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The First Traveling Saleslady (1956)

 -  Comedy | Western  -  August 1956 (USA)
5.6
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Ratings: 5.6/10 from 312 users  
Reviews: 13 user | 1 critic

At the turn of the century Rose and ex-showbiz friend Molly get involved in selling steel. When they come unstuck with corsets they embark on the even more hazardous project of selling ... See full summary »

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Title: The First Traveling Saleslady (1956)

The First Traveling Saleslady (1956) on IMDb 5.6/10

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Cast

Complete credited cast:
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David Brian ...
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Robert F. Simon ...
Cal - Texas Rancher
...
...
Sheriff (as Daniel M. White)
Harry Cheshire ...
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Storyline

At the turn of the century Rose and ex-showbiz friend Molly get involved in selling steel. When they come unstuck with corsets they embark on the even more hazardous project of selling barbed wire to highly suspicious Texas cowboys. Written by Jeremy Perkins <jwp@aber.ac.uk>

Plot Summary | Add Synopsis

Plot Keywords:

barbed wire | corset

Taglines:

She knows the ROPES and all the JOKES!

Genres:

Comedy | Western

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Details

Country:

Language:

Release Date:

August 1956 (USA)  »

Also Known As:

The First Traveling Saleslady  »

Company Credits

Production Co:

 »
Show detailed on  »

Technical Specs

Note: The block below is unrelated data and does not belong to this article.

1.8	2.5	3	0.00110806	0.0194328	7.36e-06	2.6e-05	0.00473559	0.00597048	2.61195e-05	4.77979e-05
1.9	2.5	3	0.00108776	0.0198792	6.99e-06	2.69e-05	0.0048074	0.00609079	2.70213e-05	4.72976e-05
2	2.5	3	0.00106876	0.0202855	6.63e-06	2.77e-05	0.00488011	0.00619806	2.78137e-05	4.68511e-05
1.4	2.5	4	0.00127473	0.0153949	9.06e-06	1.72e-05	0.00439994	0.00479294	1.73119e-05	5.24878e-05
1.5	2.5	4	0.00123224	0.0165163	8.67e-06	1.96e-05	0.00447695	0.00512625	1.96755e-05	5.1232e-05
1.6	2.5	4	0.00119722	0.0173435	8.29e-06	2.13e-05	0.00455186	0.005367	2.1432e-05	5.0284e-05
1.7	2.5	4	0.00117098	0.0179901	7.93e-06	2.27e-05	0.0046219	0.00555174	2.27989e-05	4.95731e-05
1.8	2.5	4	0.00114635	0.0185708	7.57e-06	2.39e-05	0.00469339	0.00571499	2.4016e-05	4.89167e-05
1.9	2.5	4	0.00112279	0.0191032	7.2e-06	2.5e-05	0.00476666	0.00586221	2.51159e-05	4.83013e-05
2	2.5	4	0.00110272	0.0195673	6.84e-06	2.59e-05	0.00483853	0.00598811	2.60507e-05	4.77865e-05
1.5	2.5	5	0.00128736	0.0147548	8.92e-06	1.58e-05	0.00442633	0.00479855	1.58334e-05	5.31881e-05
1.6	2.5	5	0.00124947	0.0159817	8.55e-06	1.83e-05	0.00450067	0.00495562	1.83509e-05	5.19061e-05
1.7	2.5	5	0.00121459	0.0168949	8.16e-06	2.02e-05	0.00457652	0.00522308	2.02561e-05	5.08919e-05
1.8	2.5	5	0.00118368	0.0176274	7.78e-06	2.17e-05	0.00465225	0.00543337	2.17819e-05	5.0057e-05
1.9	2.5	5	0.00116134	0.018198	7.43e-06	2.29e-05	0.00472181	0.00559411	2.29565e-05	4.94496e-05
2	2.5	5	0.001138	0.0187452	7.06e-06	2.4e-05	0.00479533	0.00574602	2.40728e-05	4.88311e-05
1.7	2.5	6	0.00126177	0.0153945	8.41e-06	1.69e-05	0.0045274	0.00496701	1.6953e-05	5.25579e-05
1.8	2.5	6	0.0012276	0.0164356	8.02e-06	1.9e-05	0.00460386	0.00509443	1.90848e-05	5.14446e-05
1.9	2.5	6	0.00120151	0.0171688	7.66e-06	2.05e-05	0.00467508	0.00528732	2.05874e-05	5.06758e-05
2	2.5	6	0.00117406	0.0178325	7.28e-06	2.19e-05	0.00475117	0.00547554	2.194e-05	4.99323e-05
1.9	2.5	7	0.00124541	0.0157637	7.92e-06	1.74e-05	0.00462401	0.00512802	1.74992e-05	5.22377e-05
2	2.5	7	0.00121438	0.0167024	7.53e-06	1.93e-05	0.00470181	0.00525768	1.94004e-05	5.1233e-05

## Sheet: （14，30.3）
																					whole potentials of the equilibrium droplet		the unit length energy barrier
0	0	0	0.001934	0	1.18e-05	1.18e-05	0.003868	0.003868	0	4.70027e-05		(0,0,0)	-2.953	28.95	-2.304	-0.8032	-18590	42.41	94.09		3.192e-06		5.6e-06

Runtime:

Sound Mix:

(RCA Sound Recording)

Color:

(Technicolor)

Aspect Ratio:

1.37 : 1
See  »
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Did You Know?

Trivia

Originally intended to star Mae West. See more »

Quotes

Molly Wade: What's your name?
Lt. Jack Rice, Roughrider: Jack Rice.
Molly Wade: You're handsome. And brave too I'll bet. You like girls?
Lt. Jack Rice, Roughrider: Yes, ma'am.
Molly Wade: Well, I'm a girl.
Lt. Jack Rice, Roughrider: [Grinning] You sure are.
See more »

Connections

Featured in 100 Years of the Hollywood Western (1994) See more »

Soundtracks

The First Traveling Saleslady
Music by Irving Gertz
Lyrics by Hal Levy
Sung by The Lancers
See more »

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User Reviews

 
Clint Eastwood's First Screen Kiss
6 August 2005 | by (United States) – See all my reviews

This film is an interesting time capsule. It was made in the late 1950s, and it shows some stars who are on their way up, and one who is on her way out. An unfair thing to say to Ginger Rogers, but this is not one of the films (like KITTY FOYLE, her movies with Fred Astaire, THE MAJOR AND THE MINOR, or ROXY HART) that people remember her for. Ginger would still be making films until 1965, her last one an Italian comedy with Ray Milland, but they were all lesser efforts - although she did deliver good performances.

But three (no, make it four) of the stars actually were on their way up

  • or seemed to be. They are Clint Eastwood, Carol Channing, James